A conventional option for correcting haemodilution-induced coagulation factor deficiencies after CPB is transfusion of fresh-frozen plasma (FFP), which contains all the coagulation factors. However, since FII, FVII, FIX, and FX are present in Beriplex P/N at ~25 times the corresponding plasma concentrations, smaller volumes and less time are needed to correct dilutional coagulopathy compared with FFP. Also, FFP requires thawing, and blood type matching may also be needed. Furthermore, most FFP preparations have not been virally inactivated. In the purification of Beriplex P/N, such inactivation is accomplished by pasteurization and nanofiltration of plasma screened by polymerase chain reaction.7,11 There has been no evidence in clinical trials of viral transmission related to Beriplex P/N infusion.12,13 The present study evaluated the ability of Beriplex P/N to attenuate diffuse post-CPB bleeding in a porcine model.
Seventeen castrated male pigs (large white×German noble) weighing 24–40 kg were procured from a local breeding farm (Willi Schlosser, Schwalmtal, Germany) at age 3–4 months. The animals were housed at 18–21°C in stables with straw bedding under ambient day–night cycles and fed ad libitum with Deuka V pig chow (Deutsche Tiernahrung Cremer GmbH & Co., KG, Düsseldorf, Germany). Tap water was supplied ad libitum. Animal husbandry and study procedures complied with the German Animal Welfare law and European Union regulations. The study was approved by the regional government authorities.
Anaesthetic procedures have been previously described.14 Briefly, after an overnight fast with unrestricted access to water and i.m. premedication using a mixture of azaperone 2 mg kg−1 (Stresnil®, Janssen-Cilag GmbH, Neuss, Germany), ketamine 15 mg kg−1 (Ketavet, Pharmacia & Upjohn, Erlangen, Germany), and atropine sulphate 0.02 mg kg−1 (Atropinsulfate, B. Braun Melsungen AG, Melsungen, Germany), the pigs were anaesthetized with thiopental sodium 10 mg kg−1 via an ear vein. After tracheal intubation, respiration was supported via a Heyer Access ventilator. Inhaled anaesthesia was maintained with isoflurane 1–2% (Isofluran CP®, CP Pharma GmbH, Burgdorf, Germany). Attainment and maintenance of deep anaesthesia were confirmed by an absent pedal withdrawal reflex and lack of any response to surgery. A 1.4×2.1 mm catheter was advanced into a carotid artery for collection of blood samples and a 0.5×0.9 mm catheter into a femoral artery for continuous arterial pressure measurements. Ringer's solution at 4 ml kg−1 h−1 to satisfy basal fluid requirements and test fluids were infused via an indwelling 1.4×2.1 mm catheter in an external jugular vein. Body temperature was monitored by rectal thermometry.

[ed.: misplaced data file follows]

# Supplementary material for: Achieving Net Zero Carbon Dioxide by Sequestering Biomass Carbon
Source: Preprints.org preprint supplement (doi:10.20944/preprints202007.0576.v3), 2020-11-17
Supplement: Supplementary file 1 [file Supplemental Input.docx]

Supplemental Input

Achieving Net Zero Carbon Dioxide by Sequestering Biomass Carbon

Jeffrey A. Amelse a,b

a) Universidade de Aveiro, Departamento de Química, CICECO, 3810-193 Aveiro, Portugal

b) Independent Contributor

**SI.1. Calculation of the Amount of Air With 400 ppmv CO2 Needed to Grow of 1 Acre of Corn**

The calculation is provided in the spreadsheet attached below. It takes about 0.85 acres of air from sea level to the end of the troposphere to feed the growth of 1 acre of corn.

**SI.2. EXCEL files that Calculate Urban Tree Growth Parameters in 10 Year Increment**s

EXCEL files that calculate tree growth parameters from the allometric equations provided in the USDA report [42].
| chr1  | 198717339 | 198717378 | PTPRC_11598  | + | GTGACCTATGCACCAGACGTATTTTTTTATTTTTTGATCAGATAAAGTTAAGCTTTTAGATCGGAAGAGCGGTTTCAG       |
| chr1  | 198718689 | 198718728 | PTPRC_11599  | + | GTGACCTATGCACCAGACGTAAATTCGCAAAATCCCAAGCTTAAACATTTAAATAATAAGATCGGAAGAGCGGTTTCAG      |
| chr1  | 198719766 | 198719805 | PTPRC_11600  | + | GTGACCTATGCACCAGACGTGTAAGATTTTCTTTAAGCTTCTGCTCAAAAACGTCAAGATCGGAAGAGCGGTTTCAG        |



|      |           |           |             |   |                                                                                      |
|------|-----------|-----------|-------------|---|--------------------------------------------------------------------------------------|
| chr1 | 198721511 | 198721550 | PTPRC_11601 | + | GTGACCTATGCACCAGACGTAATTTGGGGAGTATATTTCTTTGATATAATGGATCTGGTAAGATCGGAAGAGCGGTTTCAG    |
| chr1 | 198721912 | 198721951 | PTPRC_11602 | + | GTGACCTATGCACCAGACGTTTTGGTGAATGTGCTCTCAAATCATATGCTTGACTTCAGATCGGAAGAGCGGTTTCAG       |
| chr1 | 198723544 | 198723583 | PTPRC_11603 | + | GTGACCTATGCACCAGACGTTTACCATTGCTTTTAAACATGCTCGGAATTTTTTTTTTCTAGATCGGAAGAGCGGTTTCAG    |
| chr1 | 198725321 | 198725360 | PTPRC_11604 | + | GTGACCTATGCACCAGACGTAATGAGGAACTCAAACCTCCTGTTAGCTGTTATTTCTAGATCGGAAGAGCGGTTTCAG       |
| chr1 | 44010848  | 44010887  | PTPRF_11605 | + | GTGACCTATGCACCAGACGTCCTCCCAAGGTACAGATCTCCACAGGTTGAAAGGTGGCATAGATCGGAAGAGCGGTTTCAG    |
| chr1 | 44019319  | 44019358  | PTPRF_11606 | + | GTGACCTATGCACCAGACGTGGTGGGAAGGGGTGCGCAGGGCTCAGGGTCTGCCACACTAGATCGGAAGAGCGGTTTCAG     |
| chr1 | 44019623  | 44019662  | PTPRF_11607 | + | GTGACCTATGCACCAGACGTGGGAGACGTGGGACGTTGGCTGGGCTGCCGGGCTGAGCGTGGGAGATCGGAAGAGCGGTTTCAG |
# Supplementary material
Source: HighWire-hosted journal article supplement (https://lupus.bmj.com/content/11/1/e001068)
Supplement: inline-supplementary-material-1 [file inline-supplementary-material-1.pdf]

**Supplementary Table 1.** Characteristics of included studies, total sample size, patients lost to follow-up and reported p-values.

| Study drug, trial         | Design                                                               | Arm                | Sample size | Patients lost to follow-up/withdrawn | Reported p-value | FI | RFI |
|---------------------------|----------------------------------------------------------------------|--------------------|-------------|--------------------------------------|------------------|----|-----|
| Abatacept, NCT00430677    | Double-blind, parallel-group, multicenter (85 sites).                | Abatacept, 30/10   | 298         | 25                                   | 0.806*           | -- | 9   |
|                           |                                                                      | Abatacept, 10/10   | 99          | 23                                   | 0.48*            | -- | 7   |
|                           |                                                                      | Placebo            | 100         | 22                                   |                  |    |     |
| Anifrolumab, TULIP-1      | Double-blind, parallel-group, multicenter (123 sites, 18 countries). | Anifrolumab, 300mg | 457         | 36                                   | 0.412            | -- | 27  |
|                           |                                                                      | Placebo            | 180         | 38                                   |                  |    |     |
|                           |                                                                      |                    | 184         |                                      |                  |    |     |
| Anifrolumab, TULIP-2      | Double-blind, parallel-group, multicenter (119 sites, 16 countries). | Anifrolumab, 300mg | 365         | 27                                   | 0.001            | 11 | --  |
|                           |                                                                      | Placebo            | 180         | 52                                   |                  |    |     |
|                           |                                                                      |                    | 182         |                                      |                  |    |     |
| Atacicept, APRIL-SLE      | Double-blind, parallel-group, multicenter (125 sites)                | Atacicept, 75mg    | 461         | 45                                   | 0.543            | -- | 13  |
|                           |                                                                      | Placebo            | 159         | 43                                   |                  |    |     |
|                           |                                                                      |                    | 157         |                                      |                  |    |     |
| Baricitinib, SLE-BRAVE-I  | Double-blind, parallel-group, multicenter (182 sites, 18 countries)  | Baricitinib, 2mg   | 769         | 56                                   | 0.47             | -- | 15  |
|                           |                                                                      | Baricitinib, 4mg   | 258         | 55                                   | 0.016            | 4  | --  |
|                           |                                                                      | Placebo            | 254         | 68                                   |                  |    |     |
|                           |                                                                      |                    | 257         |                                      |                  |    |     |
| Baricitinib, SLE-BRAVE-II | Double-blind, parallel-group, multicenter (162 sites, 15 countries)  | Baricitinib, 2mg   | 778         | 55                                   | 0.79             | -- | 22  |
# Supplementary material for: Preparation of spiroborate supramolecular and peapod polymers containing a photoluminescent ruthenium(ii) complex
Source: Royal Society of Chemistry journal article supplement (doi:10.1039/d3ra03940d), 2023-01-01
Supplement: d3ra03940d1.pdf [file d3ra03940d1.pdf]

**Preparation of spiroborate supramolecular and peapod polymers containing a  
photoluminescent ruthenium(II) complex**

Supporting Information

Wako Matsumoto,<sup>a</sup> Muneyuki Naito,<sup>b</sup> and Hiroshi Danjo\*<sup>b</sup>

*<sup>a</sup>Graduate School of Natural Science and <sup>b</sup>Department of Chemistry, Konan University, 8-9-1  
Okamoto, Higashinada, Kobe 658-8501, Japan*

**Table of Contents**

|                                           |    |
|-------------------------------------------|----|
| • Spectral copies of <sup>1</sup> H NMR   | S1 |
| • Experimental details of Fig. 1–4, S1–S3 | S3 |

The experimental design is outlined in Figure 1. Sternotomy was performed with an oscillating saw, and the heart was exposed. The pericardium was opened longitudinally and secured to the chest wall with four sutures. Two purse-string sutures each were placed in the ascending aorta and right atrium. An i.v. bolus of heparin 300 U kg−1 was administered. After 10 min, a 5.2 mm diameter arterial catheter and a 32 Fr venous catheter were placed and secured with tourniquets. Both catheters were connected to a small adult hollow fibre oxygenator with a hard shell venous reservoir (D905 EOS, Sorin SpA, Milan, Italy). The extracorporeal circuit was primed with a solution consisting of isotonic saline 500 ml, 6% hydroxyethyl starch 200/0.5 1000 ml (Infukoll, Schwarz Pharma AG, Mannheim, Germany), 15% mannitol 2 ml kg−1 (Osmofundin®, B. Braun) and heparin 1000 units. Hydroxyethyl starch has been extensively investigated for priming in cardiac surgery randomized trials15 and is a common choice in clinical practice.16,17 The venous and arterial lines were opened in succession and the venous blood allowed to flow into the venous reservoir by gravity. An arterial pump conveyed the blood into the oxygenator. The oxygenated blood was equilibrated to target temperature and returned via the arterial line to the aorta. Hypothermia was maintained at 25°C for 2 h followed by 1 h of normothermia (37°C).